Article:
Growers stand up for glasshouse sector

Local protected horticulture defended by Lea Valley Growers Association as Epping Forest District Council revises local plan.

Lea Valley Growers Association has made a vigorous defence of local protected horticulture to Epping Forest District Council, which is revising its local plan.

The association's ten-point proposal calls for the council's policy of restricting areas in which glasshouse development can be considered to be scrapped in favour of a "criteria-based" policy. It also urges expansion of renewable energy generation, including anaerobic digestion, and the possible selling off of unviable sites.

The proposal warns: "Unless these marketing companies and packhouses are encouraged and allowed to expand, supermarkets will place their orders elsewhere in the UK and abroad, which will effectively lead to the demise of the entire Lea Valley glasshouse industry."

Association chairman Gary Taylor said : "The main obstruction (to glasshouse development) is Lea Valley Regional Park Authority because its remit is to protect open space and it is obliged to go against anything that impinges on that."

Valley Grown, of which Taylor is managing director, had its own application to build an 87,000sq m glasshouse refused in June. The proposals for a site adjacent to the park were rejected on grounds of their perceived impact on visual amenity.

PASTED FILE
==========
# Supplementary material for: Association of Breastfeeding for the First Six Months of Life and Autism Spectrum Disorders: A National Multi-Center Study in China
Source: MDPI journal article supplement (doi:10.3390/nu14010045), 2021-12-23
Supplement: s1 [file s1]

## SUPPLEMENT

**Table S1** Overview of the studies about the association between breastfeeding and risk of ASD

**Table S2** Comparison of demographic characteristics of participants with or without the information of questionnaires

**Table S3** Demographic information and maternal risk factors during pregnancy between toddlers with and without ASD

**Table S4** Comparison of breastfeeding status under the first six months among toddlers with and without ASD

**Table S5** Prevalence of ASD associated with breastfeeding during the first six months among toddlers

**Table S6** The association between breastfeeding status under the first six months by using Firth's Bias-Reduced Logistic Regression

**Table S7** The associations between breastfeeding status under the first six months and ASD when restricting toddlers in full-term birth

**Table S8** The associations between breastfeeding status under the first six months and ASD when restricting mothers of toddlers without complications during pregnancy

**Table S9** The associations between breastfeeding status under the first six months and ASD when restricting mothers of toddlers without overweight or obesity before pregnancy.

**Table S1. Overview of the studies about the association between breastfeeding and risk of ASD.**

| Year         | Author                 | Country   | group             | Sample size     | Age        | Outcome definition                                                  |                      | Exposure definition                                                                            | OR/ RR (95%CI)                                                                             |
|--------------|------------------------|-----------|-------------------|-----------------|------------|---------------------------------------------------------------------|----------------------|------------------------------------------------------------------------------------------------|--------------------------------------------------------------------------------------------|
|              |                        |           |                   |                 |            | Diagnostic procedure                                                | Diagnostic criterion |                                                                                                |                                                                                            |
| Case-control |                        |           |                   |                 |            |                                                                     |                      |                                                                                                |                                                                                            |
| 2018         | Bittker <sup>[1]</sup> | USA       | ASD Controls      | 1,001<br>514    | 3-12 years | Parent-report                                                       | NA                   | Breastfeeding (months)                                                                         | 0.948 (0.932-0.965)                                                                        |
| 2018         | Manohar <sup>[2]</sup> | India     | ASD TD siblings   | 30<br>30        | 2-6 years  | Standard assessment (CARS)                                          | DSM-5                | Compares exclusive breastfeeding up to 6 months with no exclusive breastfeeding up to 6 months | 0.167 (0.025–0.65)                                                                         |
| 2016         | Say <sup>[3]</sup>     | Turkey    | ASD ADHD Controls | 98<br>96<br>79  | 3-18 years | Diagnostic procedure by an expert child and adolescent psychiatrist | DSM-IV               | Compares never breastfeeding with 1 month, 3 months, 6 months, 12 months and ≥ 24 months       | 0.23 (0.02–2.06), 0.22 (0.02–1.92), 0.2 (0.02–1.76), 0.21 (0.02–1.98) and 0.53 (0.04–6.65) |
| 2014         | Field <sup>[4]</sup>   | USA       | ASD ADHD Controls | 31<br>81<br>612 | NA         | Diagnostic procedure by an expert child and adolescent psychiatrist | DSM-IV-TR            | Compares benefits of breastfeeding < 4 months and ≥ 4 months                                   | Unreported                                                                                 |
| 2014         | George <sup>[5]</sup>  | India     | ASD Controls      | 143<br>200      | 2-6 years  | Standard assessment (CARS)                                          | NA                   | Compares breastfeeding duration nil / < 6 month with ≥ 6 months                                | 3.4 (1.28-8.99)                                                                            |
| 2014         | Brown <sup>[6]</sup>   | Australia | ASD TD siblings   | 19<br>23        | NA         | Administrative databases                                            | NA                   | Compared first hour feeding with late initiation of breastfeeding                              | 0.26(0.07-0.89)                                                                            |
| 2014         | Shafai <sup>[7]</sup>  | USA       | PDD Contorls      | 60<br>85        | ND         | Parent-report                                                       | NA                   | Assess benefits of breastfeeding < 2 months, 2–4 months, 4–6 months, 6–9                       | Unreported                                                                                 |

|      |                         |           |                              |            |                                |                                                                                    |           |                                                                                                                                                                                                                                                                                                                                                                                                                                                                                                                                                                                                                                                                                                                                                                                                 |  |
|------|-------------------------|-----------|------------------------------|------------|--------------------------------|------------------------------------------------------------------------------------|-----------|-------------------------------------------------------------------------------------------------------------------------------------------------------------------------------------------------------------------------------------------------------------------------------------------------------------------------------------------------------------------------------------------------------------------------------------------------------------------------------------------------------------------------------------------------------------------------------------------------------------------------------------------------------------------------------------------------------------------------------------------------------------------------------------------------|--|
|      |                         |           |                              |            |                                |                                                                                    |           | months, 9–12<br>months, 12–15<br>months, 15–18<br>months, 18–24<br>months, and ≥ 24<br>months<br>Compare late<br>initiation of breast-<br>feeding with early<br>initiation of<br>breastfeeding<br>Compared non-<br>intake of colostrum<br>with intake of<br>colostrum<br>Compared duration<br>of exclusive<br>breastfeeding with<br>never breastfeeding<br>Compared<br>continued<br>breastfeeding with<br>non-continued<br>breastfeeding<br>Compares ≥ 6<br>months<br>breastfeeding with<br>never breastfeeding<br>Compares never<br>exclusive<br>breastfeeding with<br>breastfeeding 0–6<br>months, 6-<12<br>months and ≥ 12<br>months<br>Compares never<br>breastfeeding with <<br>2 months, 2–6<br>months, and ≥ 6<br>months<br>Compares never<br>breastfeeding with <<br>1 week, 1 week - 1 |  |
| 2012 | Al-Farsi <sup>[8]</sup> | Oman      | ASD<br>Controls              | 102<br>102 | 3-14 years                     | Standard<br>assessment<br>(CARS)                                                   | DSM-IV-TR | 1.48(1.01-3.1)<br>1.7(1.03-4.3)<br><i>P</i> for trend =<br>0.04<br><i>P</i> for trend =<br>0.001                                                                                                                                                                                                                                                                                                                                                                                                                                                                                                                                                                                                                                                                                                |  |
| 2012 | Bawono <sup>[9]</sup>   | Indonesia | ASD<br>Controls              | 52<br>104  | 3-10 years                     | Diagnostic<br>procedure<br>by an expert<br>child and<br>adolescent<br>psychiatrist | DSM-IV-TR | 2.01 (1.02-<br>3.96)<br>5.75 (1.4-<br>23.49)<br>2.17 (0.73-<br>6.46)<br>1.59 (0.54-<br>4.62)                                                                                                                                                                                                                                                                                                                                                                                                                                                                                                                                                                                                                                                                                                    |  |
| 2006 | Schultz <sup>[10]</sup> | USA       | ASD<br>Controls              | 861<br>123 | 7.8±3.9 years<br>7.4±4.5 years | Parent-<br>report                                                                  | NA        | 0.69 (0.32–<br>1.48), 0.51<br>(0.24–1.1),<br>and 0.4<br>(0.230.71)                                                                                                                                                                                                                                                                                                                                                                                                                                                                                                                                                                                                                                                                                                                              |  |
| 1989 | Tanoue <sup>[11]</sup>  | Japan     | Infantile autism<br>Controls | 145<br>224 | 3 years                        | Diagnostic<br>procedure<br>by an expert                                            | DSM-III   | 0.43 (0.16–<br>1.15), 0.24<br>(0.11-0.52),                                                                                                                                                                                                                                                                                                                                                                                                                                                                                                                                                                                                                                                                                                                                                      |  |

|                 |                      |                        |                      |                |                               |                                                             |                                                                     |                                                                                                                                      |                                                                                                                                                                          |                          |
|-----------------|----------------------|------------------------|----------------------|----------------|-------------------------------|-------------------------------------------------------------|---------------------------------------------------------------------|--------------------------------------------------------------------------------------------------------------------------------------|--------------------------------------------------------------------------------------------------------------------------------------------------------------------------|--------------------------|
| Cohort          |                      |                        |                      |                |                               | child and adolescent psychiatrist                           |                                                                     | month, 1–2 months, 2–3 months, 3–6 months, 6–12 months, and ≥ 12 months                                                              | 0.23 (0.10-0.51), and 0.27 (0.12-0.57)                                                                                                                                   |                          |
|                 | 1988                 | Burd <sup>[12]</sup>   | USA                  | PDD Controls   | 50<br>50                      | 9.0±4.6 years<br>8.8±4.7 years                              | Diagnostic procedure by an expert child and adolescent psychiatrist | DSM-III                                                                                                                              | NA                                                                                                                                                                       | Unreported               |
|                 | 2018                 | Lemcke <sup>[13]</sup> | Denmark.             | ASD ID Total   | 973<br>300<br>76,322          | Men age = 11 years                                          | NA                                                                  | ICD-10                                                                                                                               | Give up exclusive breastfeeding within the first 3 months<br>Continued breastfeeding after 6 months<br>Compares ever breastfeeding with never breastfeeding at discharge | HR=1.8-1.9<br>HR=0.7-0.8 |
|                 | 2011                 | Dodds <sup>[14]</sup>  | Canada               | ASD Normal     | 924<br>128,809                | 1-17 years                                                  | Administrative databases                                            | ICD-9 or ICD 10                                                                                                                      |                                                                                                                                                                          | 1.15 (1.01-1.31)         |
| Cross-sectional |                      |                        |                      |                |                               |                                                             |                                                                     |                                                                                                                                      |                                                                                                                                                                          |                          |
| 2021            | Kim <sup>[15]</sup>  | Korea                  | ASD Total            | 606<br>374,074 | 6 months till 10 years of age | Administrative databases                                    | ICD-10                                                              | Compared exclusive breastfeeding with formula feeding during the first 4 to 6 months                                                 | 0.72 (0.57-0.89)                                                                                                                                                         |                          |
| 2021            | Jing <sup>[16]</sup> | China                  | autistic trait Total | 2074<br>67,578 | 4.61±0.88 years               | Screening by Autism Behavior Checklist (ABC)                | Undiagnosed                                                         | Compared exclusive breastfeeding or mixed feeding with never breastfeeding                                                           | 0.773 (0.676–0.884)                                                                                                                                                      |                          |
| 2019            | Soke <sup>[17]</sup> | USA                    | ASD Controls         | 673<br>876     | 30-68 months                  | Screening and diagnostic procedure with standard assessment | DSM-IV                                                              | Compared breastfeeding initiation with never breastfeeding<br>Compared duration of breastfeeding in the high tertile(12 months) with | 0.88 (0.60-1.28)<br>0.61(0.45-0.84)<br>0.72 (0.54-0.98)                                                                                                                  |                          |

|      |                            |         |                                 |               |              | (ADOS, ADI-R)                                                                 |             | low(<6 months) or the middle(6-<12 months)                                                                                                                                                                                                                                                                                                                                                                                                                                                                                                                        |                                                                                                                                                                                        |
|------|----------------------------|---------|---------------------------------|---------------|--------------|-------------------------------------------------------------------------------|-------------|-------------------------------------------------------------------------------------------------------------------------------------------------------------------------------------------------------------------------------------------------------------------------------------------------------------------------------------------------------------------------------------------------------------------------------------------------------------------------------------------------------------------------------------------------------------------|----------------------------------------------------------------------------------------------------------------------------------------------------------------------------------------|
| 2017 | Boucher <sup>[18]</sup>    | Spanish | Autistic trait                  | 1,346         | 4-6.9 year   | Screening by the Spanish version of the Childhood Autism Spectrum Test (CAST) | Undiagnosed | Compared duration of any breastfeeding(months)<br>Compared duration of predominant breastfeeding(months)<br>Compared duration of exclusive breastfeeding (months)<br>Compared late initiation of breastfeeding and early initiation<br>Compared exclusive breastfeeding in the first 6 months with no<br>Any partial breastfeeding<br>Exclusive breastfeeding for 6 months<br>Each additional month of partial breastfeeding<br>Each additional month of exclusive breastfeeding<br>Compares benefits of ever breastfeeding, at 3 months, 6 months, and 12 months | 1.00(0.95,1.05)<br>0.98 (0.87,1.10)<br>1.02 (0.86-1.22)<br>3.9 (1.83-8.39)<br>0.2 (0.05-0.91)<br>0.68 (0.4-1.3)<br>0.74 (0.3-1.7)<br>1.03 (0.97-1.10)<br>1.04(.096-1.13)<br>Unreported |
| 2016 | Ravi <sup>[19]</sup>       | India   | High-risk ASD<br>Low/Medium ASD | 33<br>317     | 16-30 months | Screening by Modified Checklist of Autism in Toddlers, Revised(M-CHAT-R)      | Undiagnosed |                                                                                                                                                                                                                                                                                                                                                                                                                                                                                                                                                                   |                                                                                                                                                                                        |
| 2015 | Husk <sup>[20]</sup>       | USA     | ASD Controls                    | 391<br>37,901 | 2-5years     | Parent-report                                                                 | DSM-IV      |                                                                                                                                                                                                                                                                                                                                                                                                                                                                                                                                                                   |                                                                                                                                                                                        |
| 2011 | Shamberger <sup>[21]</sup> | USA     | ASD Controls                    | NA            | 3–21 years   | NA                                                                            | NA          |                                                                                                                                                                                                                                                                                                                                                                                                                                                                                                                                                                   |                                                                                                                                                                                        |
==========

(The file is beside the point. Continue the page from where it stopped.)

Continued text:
In spite of this, Taylor said: "I am pleasantly surprised that the council is talking to us. They recognise the importance of the glasshouse sector in the area and this is our opportunity to influence the plan. Our MPs are also supportive and I am optimistic that something positive can come out of it."

Regional industry Glasshouse area decline

Lea Valley is still one of the main UK glasshouse areas, along with Sussex, Evesham Vale and Humberside. But in the 1960s it was the largest in the world, with nearly 300ha of glass.

Now that figure stands at just 60ha - a fivefold reduction in half a century. The decline coincided with the creation of the regional park authority in 1966, which led to what the association's planning submission calls a "culture of obstruction and unwillingness to engage with growers".

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